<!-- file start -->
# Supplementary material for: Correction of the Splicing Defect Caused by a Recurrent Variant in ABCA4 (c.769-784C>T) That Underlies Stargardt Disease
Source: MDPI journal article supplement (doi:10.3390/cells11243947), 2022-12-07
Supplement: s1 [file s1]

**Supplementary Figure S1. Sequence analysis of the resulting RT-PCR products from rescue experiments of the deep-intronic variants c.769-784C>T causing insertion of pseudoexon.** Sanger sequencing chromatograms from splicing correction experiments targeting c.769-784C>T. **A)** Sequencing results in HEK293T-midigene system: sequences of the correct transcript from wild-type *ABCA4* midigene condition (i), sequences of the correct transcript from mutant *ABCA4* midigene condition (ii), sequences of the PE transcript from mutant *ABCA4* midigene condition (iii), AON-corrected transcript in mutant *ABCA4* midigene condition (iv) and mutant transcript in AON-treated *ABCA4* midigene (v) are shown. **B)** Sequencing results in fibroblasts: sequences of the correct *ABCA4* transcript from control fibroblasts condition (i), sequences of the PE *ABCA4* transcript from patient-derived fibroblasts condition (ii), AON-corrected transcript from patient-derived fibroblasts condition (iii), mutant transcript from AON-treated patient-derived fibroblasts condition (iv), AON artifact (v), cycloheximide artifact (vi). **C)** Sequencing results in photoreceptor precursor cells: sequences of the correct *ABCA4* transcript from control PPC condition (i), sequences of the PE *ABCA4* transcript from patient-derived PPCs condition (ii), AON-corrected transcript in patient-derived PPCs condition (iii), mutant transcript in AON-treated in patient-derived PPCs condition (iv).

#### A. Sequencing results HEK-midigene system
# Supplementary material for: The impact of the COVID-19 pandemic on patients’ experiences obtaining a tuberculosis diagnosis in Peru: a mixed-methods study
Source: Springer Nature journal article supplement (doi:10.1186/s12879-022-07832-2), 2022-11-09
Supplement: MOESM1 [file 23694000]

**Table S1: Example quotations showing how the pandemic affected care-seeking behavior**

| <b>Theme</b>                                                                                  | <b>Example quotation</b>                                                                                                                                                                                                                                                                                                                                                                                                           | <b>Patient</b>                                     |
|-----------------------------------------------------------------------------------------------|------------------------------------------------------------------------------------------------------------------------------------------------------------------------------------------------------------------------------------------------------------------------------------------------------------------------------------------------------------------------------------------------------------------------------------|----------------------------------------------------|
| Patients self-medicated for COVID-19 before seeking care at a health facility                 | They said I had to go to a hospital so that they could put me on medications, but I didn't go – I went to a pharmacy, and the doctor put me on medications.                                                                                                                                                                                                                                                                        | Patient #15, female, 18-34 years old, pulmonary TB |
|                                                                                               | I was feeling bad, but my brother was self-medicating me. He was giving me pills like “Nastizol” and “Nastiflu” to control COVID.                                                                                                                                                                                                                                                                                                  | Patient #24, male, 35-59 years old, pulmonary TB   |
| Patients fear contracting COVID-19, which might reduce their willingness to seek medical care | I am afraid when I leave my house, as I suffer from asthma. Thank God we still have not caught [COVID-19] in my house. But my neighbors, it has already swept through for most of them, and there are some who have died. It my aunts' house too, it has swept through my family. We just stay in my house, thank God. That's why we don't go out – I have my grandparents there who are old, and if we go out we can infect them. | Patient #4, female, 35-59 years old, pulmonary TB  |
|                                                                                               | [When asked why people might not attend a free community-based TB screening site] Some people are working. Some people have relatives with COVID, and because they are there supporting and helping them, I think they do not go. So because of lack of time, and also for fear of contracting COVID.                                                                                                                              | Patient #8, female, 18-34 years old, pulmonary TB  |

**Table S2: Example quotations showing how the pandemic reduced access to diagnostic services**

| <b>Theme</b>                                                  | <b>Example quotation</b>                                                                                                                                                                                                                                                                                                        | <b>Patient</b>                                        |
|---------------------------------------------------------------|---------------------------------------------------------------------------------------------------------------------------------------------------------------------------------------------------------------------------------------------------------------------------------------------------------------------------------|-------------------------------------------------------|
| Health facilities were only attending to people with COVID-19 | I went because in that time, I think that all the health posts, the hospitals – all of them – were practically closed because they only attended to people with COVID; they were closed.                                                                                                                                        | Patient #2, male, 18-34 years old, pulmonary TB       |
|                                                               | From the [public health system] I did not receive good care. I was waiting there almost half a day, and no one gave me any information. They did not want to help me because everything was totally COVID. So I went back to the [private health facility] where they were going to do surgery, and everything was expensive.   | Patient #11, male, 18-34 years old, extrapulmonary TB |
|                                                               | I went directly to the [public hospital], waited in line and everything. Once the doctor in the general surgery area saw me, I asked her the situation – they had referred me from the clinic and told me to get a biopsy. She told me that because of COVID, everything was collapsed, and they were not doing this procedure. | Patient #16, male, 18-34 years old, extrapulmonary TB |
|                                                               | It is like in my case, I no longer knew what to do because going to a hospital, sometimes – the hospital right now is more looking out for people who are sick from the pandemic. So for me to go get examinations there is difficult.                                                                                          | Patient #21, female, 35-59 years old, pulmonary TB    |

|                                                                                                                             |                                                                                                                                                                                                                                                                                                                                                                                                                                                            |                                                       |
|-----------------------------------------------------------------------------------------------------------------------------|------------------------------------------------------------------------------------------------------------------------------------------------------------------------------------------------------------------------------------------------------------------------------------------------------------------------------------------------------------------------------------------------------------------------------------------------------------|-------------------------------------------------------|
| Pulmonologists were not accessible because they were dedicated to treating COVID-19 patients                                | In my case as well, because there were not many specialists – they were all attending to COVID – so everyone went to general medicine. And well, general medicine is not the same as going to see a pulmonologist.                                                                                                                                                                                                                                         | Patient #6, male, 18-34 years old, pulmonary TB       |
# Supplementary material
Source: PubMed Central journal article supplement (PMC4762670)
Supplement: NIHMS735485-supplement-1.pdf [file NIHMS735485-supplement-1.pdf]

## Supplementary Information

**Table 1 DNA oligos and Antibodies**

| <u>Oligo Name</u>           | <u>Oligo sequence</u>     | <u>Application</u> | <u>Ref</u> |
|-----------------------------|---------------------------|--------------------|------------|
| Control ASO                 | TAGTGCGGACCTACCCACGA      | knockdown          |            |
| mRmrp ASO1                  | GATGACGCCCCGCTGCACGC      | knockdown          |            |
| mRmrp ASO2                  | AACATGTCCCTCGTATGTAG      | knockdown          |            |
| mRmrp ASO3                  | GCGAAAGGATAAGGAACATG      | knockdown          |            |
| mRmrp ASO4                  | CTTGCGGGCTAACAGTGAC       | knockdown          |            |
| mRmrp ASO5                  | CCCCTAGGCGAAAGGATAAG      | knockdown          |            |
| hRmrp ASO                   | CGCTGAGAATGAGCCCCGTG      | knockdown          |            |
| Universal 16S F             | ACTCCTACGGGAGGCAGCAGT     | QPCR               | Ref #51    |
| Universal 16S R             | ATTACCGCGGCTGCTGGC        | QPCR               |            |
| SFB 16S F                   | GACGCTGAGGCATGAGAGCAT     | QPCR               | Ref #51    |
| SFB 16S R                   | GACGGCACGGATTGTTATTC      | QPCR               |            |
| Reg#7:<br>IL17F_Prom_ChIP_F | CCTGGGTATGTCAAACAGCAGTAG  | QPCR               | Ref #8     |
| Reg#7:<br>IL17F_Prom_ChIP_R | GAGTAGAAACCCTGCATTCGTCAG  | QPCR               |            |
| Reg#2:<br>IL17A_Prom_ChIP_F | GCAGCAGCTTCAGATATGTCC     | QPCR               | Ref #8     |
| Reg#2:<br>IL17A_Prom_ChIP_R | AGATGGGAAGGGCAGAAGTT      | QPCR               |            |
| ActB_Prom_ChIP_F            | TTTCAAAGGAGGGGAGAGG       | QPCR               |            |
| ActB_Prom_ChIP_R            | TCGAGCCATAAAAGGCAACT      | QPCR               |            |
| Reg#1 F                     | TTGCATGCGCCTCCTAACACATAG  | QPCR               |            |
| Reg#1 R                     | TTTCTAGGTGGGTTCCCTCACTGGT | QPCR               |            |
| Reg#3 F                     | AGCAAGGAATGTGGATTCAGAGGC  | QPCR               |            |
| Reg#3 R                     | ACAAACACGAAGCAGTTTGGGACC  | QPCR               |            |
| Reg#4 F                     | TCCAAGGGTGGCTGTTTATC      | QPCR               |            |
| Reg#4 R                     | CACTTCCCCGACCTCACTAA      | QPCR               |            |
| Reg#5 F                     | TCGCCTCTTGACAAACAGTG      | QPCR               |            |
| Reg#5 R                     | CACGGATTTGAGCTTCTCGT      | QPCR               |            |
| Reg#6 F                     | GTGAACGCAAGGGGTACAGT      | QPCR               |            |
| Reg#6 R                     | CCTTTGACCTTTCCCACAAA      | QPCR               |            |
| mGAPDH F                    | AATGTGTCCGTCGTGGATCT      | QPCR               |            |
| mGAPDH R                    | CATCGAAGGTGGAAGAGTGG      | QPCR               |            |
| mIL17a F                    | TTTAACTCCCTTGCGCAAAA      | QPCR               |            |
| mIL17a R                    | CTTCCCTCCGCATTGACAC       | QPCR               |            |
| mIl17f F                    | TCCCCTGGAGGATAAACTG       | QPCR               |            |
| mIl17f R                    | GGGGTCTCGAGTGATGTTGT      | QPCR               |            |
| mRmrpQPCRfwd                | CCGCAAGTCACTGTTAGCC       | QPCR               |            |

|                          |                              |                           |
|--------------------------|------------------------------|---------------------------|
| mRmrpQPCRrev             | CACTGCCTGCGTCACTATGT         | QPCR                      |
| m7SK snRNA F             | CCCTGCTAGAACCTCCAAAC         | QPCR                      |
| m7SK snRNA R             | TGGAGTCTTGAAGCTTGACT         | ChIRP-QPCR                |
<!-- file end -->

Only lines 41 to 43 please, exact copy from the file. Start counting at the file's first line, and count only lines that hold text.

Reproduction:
| Universal 16S R             | ATTACCGCGGCTGCTGGC        | QPCR               |            |
| SFB 16S F                   | GACGCTGAGGCATGAGAGCAT     | QPCR               | Ref #51    |
| SFB 16S R                   | GACGGCACGGATTGTTATTC      | QPCR               |            |